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The rubber hand illusion: a curious psychological effect

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The study of optical illusions It has been of great help to psychology because of what it can reveal about perceptual processes. To give an example, understand how it works Our brain according to the proprioception, has been very useful for patients who have suffered an amputation. Thanks to techniques such as the mirror box it is possible to reduce your phantom pain and improve your quality of life.

For several decades, science has been interested in these phenomena. And technological advancement has allowed us to acquire new knowledge and better understand what happens in our brain. A group of psychologists in Pennsylvania (United States) discovered a curious illusion, known as the "rubber hand illusion."

The researchers realized that if we put a rubber hand in front of us and, at the same time, cover one of our arms so that it seems that the rubber hand is part of our body, when someone caresses our rubber hand, we will feel that they are caressing our hand real.

Below you can visualize how the rubber hand illusion happens:

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The rubber hand illusion, more than just a trick for illusionists

The rubber hand illusion not only became a gimmick for illusionists, it was an important find because made it possible to understand how sight, touch and proprioception (that is, the sense of body position) are combined to create a compelling sense of body ownership, one of the foundations of self-awareness.

The property of the body is a term that is used to describe the meaning of our physical self and to differentiate it from that it is not part of us. It is what allows us to know that a hammer that we are holding with our hand is not part of our body or, in the case of animals, let them know that they should not eat their legs because they belong to their own Body.

The discovery of the rubber hand illusion has inspired many researchers

For the neuropsychologist at the Karolinska Institute in Stockholm (Sweden), Henrik Ehrsson, “The illusion of the hand of Gum has inspired many researchers, and many studies have attempted to find the answers to this phenomenon. Science has wanted to know how the body is perceived by our mind, and how the integration of this information happens ”.

Scientists have found that the greater the intensity with which the rubber hand illusion is experienced, for example by hitting it hard, there is increased activity in the premotor cortex and the parietal cortex of the brain. These areas are responsible for integrating sensory and movement information. But of course, stroking the hand is not the same as hitting it. And although individuals who have experimented with the rubber hand are aware that the rubber hand is not part of your body, the brain regions that are activated by fear and threat, and that correspond to flight, are also activated more.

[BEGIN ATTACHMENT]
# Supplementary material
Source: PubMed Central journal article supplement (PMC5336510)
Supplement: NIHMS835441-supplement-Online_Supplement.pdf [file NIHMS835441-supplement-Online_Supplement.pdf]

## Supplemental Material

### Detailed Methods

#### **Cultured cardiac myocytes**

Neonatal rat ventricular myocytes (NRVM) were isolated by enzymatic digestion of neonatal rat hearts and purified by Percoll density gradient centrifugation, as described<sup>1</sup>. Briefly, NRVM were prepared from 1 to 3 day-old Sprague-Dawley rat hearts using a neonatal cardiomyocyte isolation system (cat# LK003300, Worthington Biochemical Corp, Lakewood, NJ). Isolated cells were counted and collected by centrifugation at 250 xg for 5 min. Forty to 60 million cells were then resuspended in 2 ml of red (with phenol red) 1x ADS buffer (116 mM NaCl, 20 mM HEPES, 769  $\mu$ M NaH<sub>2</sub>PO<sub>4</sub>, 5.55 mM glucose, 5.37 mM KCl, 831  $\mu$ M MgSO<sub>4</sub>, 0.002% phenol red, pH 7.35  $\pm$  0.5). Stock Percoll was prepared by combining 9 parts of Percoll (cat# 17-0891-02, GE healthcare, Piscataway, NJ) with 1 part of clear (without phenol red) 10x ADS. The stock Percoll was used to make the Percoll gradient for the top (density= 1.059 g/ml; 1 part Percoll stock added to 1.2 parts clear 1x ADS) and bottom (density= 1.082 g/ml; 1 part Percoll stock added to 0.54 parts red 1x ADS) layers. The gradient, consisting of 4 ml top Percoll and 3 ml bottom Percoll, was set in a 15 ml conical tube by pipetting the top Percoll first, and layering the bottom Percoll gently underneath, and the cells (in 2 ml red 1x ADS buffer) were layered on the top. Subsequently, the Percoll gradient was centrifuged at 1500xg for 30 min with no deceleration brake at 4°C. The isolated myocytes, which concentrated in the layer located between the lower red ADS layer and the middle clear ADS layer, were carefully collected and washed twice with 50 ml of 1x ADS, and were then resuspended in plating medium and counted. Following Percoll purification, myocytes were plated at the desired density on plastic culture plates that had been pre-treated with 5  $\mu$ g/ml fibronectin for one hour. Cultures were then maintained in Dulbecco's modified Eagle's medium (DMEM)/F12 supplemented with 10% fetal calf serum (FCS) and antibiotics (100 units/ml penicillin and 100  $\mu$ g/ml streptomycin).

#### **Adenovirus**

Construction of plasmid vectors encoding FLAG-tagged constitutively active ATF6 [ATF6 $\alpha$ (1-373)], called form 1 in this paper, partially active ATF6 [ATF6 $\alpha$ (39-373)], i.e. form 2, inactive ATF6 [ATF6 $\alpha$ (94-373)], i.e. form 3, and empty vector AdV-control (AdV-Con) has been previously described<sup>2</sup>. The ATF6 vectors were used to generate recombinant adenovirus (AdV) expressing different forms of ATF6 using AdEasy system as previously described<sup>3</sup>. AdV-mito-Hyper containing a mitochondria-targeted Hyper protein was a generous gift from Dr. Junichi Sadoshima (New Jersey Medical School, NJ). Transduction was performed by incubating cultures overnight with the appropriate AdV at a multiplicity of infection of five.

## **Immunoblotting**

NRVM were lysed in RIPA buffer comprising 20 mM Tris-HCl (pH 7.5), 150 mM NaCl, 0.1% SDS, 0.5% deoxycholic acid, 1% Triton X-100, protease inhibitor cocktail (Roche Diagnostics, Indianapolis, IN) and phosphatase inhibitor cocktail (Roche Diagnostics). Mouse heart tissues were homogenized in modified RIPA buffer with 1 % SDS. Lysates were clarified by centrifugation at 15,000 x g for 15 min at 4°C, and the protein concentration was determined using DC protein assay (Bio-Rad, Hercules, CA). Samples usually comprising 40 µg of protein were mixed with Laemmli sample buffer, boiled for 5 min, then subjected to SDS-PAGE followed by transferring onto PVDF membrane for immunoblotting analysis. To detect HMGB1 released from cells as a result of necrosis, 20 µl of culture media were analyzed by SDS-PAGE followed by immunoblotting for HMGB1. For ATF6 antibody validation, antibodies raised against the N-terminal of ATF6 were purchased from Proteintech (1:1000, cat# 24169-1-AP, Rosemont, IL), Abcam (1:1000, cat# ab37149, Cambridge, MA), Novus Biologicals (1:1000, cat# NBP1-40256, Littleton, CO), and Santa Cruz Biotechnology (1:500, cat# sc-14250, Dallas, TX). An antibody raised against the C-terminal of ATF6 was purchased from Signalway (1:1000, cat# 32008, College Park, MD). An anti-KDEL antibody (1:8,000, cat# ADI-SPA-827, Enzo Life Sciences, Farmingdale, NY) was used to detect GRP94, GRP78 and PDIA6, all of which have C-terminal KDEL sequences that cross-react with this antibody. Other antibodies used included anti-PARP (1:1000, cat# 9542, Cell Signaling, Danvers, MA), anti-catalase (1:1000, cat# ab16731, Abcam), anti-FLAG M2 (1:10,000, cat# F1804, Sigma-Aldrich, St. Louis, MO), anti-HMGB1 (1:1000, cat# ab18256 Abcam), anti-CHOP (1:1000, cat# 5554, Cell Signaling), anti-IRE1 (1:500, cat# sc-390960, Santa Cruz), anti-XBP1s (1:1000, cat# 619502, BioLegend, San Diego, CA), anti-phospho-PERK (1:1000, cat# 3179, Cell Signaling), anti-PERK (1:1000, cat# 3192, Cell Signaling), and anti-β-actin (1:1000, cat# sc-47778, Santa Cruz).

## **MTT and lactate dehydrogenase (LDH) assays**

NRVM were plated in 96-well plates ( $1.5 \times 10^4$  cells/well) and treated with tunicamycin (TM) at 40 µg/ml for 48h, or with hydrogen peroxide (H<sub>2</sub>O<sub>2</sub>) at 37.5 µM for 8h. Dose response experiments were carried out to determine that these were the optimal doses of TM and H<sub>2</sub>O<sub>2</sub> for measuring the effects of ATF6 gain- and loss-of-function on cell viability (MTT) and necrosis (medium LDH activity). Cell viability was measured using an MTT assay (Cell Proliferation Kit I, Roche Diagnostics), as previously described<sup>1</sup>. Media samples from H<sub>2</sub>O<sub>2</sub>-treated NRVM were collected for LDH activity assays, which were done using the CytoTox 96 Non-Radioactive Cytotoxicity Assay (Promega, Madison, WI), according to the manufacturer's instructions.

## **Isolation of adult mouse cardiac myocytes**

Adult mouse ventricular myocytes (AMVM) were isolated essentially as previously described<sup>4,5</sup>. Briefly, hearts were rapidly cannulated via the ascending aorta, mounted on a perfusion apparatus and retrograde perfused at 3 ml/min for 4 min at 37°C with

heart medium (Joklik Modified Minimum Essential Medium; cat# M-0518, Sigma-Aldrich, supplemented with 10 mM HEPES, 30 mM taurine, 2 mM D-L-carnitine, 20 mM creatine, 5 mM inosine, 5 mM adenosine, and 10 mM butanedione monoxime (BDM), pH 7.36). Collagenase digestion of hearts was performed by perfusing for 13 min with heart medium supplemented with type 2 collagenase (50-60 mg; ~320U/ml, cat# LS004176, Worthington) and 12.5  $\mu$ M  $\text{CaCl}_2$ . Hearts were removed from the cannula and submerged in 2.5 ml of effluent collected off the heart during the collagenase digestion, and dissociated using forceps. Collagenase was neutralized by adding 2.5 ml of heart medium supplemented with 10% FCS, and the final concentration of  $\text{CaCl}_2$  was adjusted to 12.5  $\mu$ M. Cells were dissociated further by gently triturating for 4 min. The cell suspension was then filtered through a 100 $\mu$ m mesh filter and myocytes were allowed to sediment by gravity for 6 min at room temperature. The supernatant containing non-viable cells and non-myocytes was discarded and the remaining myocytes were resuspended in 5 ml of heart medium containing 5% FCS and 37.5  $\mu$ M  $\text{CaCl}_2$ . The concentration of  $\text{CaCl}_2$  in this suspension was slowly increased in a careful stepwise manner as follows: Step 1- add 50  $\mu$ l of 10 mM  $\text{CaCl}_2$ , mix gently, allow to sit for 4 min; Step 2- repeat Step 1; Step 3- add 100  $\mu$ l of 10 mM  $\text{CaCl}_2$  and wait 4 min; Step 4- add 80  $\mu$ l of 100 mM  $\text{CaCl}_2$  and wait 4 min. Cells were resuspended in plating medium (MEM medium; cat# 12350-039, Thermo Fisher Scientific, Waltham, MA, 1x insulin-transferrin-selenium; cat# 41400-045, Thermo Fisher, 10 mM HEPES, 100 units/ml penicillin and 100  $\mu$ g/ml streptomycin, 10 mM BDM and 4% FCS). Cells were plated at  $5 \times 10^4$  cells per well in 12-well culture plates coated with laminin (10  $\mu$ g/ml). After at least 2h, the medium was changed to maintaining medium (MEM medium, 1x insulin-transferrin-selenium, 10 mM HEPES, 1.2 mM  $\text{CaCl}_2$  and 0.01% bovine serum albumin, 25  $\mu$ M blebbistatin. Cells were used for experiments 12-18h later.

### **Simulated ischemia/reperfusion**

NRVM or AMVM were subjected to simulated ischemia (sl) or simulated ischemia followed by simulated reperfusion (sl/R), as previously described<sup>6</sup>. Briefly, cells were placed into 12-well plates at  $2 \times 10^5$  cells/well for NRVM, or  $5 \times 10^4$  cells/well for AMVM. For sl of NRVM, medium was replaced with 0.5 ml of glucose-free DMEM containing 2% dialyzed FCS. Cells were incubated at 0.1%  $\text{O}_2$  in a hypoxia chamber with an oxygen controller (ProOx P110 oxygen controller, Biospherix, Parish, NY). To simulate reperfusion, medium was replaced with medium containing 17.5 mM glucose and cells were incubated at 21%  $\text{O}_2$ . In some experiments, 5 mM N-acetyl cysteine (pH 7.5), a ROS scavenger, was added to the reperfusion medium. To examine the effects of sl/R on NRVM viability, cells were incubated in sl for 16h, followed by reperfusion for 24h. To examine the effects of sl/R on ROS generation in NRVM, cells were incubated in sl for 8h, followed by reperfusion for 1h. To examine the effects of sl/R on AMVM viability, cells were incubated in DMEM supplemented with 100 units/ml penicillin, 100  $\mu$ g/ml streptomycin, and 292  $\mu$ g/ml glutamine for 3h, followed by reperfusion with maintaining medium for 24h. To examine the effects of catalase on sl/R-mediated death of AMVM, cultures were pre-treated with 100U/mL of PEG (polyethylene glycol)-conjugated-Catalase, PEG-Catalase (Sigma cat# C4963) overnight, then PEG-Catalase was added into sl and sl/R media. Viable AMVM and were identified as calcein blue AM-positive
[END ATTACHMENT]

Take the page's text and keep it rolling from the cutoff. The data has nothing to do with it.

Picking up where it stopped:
What happens to the real hand that is hidden?

Another interesting finding is the one that was carried out by a group of scientists from the University of Oxford, who wanted to know what happens to the hand that is hidden during the experiment. If the brain reacts to the rubber hand, does it also react to the hand that is hidden? Well it seems that, just when the brain falsely recognizes the rubber hand as its own, the temperature of the real hand, which is hidden, drops. Instead, the rest of the body remains the same.

Furthermore, when the experimenter stimulates the hidden hand, the subject's brain takes longer to respond than when the other real hand is touched. These results seem to show that when the brain thinks the rubber hand is a real hand, it forgets the other hand.

This has been really interesting for medicine because it shows that the body's thermal regulation also depends on the brain.

Mirror box therapy: another example of optical illusion

Experiments based on illusions have helped patients who have suffered amputations and who continue feeling pain even though the limb is no longer part of your body, which is known as “pain ghost".

The neurologist of the CEnter the Brain and Cognition from the University of California, San Diego, Vilayanur S. Ramachandran also took an interest in these types of optical illusions to design Mirror Box Therapy, which works to reduce phantom pain.

The mirror box has similarities to the rubber hand illusion. In the mirror box, the good hand is placed next to a mirror and moved so that the person thinks that the imputed hand is moving. In this case, the mirror hand acts like the rubber hand and, thanks to this, the pain disappears by visual feedback and by eliminating potentially painful positions. With this technique it is possible to give feedback to the brain and alleviate the pain that the person feels.

If you want to know more about the mirror box, you can read this article: "The phantom limb and mirror box therapy”.

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